Alright, let's get the big, ugly, poorly animated elephant in the room out of the way. This show looks like piss. I don't know what forces conspired take a long-wished-for adaptation of a cult classic manga and whack it with the ugly stick, but by god they forged that stick out of titanium and beat on this IP until it was indented into the dirt. The show barely moves, and half the time when it does it's an obvious digital effect meant to mask how they didn't actually have time to draw anything. There are Newgrounds projects from 2008 with more fundamentally solid animation than this production. What meager attempts at motivated storyboarding or interesting direction that exist are hamstrung by a foundation made of tissue paper taped over the bottomless pit that is the modern anime production bubble. Any personality or humor derived from the imagery is the result of just not totally messing up the original art and posing from the manga, and even that's not always recreated well. It sucks. It's not going to get better. No project deserves this, but especially not one as beloved as this one.

With all that said, if you can get over the ugly concrete wall that is the animation, there's a lot to like about Biscuit Hammer that manages to fight its way to the surface nonetheless. Even as somebody who feels the opening chapters of the series are the weakest part of Satoshi Mizukami's oeuvre I've read, there's a lot of little seeds in just this first episode that promise interesting fruit. Yuuhi is a misanthropic jerk, but rather than being portrayed as a genius in his jaded attitude, it's made clear that his worldview is the result of something much darker in his past that has taught him it's safer to reject the world than make himself vulnerable. He is in many ways purposefully unlikeable, and while that might chafe viewers, it's clear that he is a more rounded person than he wants people to think.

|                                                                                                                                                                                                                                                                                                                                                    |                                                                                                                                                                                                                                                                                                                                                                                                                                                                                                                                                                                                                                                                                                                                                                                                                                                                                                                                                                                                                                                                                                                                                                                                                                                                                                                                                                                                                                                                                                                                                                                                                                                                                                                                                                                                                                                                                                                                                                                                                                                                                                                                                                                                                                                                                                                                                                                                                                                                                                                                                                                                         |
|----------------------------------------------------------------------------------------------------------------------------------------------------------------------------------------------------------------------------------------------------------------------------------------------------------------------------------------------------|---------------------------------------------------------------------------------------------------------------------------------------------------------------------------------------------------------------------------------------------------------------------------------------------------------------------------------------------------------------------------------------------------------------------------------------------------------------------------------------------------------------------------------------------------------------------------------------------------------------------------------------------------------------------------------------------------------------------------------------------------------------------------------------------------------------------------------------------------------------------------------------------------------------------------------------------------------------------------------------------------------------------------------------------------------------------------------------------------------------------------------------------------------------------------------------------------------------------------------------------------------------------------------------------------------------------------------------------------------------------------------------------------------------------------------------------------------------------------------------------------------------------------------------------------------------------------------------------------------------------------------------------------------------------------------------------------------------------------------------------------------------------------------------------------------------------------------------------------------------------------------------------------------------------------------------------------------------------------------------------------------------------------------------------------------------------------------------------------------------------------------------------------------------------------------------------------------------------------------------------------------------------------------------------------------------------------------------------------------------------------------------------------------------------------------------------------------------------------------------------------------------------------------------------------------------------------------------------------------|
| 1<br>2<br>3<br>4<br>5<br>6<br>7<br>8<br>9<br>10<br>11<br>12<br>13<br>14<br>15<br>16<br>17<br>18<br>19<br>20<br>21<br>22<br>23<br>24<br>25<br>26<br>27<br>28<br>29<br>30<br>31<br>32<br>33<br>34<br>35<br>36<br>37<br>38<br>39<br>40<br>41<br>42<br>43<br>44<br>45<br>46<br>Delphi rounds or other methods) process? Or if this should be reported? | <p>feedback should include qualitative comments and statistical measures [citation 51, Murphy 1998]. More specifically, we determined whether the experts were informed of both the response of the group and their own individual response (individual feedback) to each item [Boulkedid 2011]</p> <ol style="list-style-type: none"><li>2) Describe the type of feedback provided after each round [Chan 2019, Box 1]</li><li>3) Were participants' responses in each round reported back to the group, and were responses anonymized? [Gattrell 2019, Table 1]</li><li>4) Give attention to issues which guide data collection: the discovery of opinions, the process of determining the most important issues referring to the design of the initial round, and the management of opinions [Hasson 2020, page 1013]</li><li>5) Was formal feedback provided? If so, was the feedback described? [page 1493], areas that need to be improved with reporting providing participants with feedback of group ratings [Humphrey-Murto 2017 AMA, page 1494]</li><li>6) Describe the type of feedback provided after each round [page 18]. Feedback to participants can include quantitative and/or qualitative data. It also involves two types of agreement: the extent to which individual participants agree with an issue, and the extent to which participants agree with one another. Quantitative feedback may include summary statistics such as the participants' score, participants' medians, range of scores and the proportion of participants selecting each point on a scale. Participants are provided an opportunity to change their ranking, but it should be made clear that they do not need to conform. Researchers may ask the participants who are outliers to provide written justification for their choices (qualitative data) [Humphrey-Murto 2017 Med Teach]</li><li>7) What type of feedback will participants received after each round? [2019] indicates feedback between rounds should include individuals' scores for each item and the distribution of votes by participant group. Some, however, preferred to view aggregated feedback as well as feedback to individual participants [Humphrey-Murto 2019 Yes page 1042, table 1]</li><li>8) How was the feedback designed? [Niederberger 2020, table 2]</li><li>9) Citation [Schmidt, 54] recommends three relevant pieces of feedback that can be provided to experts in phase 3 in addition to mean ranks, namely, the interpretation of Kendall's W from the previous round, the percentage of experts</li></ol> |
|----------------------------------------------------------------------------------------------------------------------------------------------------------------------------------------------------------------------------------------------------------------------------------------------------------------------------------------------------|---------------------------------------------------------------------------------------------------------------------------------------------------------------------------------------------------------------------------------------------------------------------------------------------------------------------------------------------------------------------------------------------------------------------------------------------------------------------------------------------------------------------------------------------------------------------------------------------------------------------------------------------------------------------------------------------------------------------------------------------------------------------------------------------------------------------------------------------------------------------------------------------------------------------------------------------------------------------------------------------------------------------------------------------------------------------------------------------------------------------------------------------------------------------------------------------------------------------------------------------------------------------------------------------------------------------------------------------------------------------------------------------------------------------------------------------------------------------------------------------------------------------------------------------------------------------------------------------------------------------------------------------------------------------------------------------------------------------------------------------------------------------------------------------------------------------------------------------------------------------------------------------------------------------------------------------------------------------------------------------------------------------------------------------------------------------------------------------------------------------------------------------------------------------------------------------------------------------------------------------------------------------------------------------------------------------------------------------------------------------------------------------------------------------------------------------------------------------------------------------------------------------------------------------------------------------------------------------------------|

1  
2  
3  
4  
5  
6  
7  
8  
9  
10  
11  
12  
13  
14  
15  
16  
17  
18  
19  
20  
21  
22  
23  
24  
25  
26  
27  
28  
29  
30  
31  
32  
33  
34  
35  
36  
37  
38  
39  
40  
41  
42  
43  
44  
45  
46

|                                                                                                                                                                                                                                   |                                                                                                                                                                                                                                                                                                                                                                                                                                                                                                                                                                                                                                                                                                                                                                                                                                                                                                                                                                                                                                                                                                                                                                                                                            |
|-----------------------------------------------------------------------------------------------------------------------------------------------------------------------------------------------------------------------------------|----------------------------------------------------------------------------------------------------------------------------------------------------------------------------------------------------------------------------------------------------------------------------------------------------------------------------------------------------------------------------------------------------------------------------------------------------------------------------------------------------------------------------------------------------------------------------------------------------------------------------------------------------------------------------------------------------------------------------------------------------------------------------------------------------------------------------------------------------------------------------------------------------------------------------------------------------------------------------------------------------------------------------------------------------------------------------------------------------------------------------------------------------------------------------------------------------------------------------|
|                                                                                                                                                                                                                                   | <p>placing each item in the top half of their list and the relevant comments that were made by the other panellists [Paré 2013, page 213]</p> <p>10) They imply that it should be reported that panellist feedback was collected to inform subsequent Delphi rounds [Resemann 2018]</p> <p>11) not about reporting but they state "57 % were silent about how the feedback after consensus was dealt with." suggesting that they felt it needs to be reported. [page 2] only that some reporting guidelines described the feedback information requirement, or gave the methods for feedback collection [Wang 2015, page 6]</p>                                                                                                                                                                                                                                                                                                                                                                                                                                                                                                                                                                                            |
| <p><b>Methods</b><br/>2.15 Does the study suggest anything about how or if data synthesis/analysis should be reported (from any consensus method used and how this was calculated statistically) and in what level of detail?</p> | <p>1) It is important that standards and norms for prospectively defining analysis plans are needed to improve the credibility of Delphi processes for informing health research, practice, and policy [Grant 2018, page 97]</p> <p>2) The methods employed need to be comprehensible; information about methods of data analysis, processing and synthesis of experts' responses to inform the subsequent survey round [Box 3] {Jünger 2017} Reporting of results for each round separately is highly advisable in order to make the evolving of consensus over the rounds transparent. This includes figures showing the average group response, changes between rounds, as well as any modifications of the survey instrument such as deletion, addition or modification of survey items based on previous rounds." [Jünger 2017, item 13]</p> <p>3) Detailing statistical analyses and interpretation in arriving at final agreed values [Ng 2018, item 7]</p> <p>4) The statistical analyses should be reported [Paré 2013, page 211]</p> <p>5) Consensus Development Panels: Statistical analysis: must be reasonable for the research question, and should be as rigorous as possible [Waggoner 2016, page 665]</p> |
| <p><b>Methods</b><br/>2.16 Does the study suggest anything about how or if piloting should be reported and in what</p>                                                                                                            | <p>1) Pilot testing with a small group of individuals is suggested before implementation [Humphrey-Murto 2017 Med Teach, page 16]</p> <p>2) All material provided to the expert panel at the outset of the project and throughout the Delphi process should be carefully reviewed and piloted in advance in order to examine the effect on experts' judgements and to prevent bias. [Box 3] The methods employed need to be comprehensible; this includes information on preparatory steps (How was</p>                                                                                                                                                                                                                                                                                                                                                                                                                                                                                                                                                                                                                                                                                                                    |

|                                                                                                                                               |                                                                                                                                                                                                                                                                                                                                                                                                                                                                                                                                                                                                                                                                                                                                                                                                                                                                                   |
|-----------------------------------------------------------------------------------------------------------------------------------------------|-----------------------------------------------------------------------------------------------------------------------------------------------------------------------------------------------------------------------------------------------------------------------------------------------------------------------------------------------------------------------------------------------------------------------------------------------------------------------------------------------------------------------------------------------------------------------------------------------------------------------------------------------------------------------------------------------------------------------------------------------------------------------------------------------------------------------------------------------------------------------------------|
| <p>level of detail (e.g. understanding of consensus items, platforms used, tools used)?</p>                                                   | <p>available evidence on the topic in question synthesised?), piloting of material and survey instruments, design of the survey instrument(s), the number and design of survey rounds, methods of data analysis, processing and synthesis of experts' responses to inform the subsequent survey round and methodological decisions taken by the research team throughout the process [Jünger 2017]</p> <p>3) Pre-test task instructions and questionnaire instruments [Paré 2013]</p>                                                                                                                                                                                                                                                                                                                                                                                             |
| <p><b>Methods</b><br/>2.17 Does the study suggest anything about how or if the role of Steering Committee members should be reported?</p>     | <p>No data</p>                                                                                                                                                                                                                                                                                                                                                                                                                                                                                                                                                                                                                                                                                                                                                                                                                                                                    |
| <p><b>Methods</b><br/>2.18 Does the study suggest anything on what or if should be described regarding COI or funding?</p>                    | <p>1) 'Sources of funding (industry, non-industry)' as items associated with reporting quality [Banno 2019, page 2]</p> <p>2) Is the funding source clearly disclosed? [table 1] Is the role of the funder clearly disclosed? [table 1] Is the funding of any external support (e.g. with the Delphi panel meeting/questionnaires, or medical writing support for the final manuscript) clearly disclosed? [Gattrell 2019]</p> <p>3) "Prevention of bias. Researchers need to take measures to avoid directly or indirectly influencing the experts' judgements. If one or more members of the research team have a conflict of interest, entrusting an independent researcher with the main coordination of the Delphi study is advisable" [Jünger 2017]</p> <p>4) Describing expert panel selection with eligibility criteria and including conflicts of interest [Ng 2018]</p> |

And it's genuinely funny seeing just how hard he rejects the typical shonen hero call to action – made all the more charming by Mizukami's penchant for weird iterations on classic tropes. The familiar sent to recruit Yuuhi is neither a divine being nor a cute mascot, but a plain old lizard that just won't get out of his house. The doomsday device threatening the world is a giant cartoon hammer hovering in the sky, just waiting for a Galactus-sized Bugs Bunny to pick it up and crack the planet like an egg. Samidare, the supposed princess Yuuhi is destined to fight for, isn't a fair damsel in need of guarding, but an initiative-taking daredevil who gains his loyalty by promising it will be her fist, not the Biscuit Hammer, that will destroy the world he seems so loathe to protect. These subversions certainly don't seem as fresh as they did 15 years prior, but they still offer a lot of flavor and personality to a story that would feel much more rote without that.

Like Mizukami's later Planet With, it treads a delicate line between familiar genre tropes in a mix that raises a lot of exciting questions about where the story will go from here. What, exactly does Samidare mean when she says she wants to destroy the world, and why is that what convinces Yuuhi to team up with her? What's the real story behind these magic rings, knights, and golems? I'm genuinely curious to find out, to learn more about who these characters are, and I really wish I could give the show a full-throated recommendation. Or that I could at least recommend the manga – but it's years out of print and prohibitively expensive on the secondary market. So for now I have to give a half-hearted thumbs up to a decidedly sub-optimal way of experiencing this story.